In 1997, the LS400 was facelifted to give it a fresher appearance, this included new headlamp units, a new grille and refreshed rear lamps as well as new front fascia, new wing mirrors and a new set of wheels. Interior wise it got retractable rear headrests, a trip computer, reading lamps and ultraviolet tinted glass. Mechanically speaking, it got a new 5-speed automatic gearbox and a new state of the art VVTi system raising power to 290bhp and a 30Ib-ft increase in torque which meant that acceleration times & fuel economy was vastly increased.
By the early ’00s, the LS400 got even more equipment thrown at it, these include the option of the CD-ROM based GPS system taken from its Japanese cousin, front side airbags, HID headlamps, a traction control system and brake assist. In Japan, the Celsior got the first-ever laser adaptive cruise control system which was big news back then. Unlike modern systems where it controls the throttle and brakes according to the vehicle in front, the Celsior’s version worked off throttle control and downshifting.
What To Look For.
While Lexus’ are uber reliable compared to its rivals, like every car they do have their issues. While Toyota & Lexus took home many a reliability award during the time of production, don’t expect these to be perfect.
First of all, due to all the equipment onboard it is no doubt that after nearly 30 years on the road something will come up and one of these is the LCD screen for the clock & climate control going black.
The power steering fluid can leak which can then go all over the alternator failing it in the process. if this does happen you’d need to fork out on a new alternator & power steering pump.
Bad spark plugs can cause a shuddering on these cars, with a V8 you, of course, have to buy 8 of these but due to plugs not being too expensive these are relatively affordable. While you are there, change out the ignition coils as these can also cause similar issues.
Catalytic converters are also an issue on these cars and replacements aren’t exactly cheap, quote a good few hundred pounds for them to be replaced. For these, it’d be easier to get these from the main dealers as aftermarket ones don’t last too long on these.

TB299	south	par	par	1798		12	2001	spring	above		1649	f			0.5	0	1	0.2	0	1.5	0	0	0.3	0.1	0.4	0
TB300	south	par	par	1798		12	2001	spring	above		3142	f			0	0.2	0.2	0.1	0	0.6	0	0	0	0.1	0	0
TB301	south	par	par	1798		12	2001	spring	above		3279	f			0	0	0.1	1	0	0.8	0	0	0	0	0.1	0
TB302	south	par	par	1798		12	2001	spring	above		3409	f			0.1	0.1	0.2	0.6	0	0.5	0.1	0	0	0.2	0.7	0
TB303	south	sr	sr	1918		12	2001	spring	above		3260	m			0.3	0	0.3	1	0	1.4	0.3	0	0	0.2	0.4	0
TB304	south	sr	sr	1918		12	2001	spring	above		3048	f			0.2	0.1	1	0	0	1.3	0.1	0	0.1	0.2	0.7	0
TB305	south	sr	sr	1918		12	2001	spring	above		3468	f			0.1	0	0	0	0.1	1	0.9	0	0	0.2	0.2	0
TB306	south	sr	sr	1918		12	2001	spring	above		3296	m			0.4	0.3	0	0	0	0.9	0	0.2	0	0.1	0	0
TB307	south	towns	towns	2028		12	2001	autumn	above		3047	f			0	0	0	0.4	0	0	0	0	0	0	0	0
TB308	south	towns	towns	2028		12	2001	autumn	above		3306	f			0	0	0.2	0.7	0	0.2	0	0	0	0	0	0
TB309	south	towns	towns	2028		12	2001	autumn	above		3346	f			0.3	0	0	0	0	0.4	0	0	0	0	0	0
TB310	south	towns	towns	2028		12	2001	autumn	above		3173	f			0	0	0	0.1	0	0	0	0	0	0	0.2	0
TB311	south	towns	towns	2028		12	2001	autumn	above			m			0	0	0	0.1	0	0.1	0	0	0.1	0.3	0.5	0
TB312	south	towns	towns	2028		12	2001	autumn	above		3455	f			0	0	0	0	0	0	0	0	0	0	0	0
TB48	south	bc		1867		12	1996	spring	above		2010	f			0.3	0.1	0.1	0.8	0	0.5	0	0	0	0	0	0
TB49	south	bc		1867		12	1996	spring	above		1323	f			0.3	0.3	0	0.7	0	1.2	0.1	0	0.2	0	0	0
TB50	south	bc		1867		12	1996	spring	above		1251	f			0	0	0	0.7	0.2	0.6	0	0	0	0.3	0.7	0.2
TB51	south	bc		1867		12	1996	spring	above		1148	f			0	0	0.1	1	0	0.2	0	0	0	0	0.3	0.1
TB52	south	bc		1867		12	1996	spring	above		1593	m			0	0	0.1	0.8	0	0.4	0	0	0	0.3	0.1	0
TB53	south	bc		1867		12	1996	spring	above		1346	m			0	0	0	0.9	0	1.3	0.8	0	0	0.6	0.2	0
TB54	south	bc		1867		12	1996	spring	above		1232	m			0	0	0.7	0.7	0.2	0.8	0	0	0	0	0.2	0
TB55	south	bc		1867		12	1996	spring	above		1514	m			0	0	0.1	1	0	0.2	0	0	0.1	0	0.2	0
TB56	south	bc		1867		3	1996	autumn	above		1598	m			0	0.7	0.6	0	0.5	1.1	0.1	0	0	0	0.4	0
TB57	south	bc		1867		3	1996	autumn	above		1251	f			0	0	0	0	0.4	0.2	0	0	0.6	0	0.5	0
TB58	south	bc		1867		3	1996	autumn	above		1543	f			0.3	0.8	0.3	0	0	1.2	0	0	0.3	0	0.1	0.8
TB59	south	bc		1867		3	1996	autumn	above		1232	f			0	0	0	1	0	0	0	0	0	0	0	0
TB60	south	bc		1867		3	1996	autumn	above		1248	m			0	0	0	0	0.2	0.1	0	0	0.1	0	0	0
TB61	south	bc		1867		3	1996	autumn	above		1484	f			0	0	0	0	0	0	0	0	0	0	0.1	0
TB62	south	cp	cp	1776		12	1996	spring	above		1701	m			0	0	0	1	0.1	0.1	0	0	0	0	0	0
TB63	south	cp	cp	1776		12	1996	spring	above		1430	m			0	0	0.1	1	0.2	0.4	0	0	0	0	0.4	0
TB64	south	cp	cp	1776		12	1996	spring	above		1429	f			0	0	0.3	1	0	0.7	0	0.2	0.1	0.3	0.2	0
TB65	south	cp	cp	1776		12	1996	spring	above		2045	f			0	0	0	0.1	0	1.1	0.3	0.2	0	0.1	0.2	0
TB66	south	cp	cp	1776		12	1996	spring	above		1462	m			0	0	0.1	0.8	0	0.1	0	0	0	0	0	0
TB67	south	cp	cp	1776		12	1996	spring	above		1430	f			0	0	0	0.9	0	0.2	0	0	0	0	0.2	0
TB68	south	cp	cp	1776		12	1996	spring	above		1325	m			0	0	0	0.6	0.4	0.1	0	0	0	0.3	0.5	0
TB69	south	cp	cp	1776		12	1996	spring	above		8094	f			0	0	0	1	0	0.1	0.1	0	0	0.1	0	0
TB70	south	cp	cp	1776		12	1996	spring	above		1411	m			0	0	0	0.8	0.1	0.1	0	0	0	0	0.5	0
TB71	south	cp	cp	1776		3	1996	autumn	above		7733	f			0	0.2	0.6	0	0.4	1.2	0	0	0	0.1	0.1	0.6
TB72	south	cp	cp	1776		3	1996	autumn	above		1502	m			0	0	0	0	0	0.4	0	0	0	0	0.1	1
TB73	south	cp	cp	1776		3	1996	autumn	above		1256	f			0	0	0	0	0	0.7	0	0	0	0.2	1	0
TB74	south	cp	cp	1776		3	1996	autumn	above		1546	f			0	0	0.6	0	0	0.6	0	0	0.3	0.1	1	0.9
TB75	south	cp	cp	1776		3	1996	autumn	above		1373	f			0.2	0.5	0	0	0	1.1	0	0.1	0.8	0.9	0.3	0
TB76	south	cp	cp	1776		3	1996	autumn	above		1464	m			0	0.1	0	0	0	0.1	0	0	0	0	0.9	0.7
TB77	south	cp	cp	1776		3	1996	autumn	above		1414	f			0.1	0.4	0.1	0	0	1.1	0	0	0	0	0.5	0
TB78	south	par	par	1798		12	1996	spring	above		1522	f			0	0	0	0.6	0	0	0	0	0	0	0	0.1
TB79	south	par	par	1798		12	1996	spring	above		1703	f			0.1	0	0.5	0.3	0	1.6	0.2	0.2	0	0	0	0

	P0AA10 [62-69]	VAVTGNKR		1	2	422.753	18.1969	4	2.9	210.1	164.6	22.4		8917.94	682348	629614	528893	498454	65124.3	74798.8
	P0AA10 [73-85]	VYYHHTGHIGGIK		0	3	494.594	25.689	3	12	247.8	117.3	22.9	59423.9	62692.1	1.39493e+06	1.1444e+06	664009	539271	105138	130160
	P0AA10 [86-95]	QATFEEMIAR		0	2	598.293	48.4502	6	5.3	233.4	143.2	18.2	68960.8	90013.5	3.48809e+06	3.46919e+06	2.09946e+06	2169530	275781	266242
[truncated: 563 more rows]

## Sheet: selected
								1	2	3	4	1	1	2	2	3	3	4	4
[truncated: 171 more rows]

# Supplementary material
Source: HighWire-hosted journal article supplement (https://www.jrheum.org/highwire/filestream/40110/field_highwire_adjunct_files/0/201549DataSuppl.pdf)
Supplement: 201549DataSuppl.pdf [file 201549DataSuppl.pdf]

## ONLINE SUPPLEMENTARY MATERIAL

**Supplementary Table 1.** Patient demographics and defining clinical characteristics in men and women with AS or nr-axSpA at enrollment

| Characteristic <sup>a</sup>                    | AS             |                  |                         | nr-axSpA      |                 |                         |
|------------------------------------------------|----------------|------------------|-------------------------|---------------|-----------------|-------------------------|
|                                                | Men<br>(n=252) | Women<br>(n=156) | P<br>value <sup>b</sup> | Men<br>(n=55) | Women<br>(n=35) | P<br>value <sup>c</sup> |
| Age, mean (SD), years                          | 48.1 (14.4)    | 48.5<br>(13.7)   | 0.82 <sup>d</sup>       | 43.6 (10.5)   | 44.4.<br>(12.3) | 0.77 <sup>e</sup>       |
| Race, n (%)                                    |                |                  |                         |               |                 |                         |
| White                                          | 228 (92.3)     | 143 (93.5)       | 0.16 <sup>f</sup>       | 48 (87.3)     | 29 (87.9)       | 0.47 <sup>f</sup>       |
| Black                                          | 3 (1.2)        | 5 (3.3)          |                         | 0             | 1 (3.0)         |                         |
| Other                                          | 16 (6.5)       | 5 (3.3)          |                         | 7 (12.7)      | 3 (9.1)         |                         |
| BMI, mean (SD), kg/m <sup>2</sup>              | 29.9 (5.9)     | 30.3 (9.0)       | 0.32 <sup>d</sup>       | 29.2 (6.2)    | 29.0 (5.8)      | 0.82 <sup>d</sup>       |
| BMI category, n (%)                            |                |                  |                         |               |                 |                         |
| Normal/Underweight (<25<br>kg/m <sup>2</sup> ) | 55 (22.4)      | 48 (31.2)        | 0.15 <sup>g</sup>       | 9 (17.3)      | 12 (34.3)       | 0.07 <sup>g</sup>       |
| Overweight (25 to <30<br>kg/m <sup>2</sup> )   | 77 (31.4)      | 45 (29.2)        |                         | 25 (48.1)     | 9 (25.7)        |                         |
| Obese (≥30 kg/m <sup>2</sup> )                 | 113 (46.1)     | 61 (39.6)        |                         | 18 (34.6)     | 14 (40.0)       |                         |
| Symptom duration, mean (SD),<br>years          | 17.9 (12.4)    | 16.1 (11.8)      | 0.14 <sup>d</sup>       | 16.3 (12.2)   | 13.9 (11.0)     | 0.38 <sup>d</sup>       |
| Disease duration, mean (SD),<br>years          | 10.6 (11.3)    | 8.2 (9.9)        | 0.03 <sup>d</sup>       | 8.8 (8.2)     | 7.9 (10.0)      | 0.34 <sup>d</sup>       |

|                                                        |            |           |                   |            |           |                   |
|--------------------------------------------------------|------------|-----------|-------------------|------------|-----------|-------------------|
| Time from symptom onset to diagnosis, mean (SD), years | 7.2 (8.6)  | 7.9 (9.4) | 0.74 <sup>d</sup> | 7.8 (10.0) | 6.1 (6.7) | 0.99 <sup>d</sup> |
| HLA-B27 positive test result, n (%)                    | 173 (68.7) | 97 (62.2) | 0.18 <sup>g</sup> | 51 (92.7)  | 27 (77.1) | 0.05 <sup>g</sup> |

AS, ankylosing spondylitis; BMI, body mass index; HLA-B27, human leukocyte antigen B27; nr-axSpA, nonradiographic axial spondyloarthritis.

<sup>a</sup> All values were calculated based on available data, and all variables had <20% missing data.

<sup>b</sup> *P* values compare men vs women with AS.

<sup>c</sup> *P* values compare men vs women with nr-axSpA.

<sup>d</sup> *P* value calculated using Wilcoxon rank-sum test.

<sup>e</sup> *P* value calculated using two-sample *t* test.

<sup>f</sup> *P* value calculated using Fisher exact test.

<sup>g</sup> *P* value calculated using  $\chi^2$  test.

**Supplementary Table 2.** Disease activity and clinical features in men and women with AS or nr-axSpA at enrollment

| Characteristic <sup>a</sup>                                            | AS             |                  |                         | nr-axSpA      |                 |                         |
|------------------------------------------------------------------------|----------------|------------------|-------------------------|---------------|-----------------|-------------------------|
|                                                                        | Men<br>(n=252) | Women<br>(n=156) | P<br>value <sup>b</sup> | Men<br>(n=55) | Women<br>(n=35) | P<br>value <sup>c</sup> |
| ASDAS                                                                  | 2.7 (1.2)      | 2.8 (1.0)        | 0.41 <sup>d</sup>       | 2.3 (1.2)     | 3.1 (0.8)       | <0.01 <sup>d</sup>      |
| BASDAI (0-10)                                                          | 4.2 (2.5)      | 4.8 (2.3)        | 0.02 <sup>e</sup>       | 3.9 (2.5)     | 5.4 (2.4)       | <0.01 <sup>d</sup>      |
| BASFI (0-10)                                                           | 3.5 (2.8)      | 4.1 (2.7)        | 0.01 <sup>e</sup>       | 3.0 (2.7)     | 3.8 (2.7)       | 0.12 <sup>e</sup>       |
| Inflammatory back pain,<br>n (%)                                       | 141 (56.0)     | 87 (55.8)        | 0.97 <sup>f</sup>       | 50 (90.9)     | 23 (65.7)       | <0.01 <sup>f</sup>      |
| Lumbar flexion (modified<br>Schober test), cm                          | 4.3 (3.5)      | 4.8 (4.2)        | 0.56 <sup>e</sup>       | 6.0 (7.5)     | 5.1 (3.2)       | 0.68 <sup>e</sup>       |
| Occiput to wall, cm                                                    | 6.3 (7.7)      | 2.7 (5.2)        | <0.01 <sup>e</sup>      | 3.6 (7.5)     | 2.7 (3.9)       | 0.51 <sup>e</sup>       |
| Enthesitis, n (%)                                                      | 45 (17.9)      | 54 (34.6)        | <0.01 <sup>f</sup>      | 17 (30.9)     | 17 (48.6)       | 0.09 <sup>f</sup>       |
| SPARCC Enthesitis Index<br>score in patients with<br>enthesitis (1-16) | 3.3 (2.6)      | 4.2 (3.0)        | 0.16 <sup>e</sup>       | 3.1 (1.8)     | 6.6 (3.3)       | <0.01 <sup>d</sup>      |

Check both the seat rails & the seatbelts as these can get tired & blocked over time. Thankfully there are a good few guides on how to fix these issues so they aren’t as bad as first thought.
The main issue really with this car and with every Lexus it seems are the eye-watering parts prices & labor costs from the dealer. Even though it runs Toyota parts, Lexus charges a good chunk more for their parts and a lot of these can be crazy expensive. Thankfully the Lexus LS400 & Toyota Celsior don’t have too many issues compared to a lot of big cars so it shouldn’t be needing these parts all the time and with Lexus & Toyota specialists all over the place, it is easy to find places that can fix stuff cheaper than the main dealers.
With prices for these hitting a very low bracket, it is very easy to find yourself lusting after one of these brilliant cars and with Toyota’s impeccable reliability record it makes perfect sense to buy one over an equivalent Jaguar, Mercedes-Benz or Audi A8. As long as you can find a perfect one in an amazing condition they’ll be bound to last for millions of miles. Parts prices and labor are expensive, especially at main dealers but with a lot of specialists around the place, it really isn’t difficult to get a majority of the issues fixed a whole lot cheaper.
Hope You Enjoy!
By Alex Jebson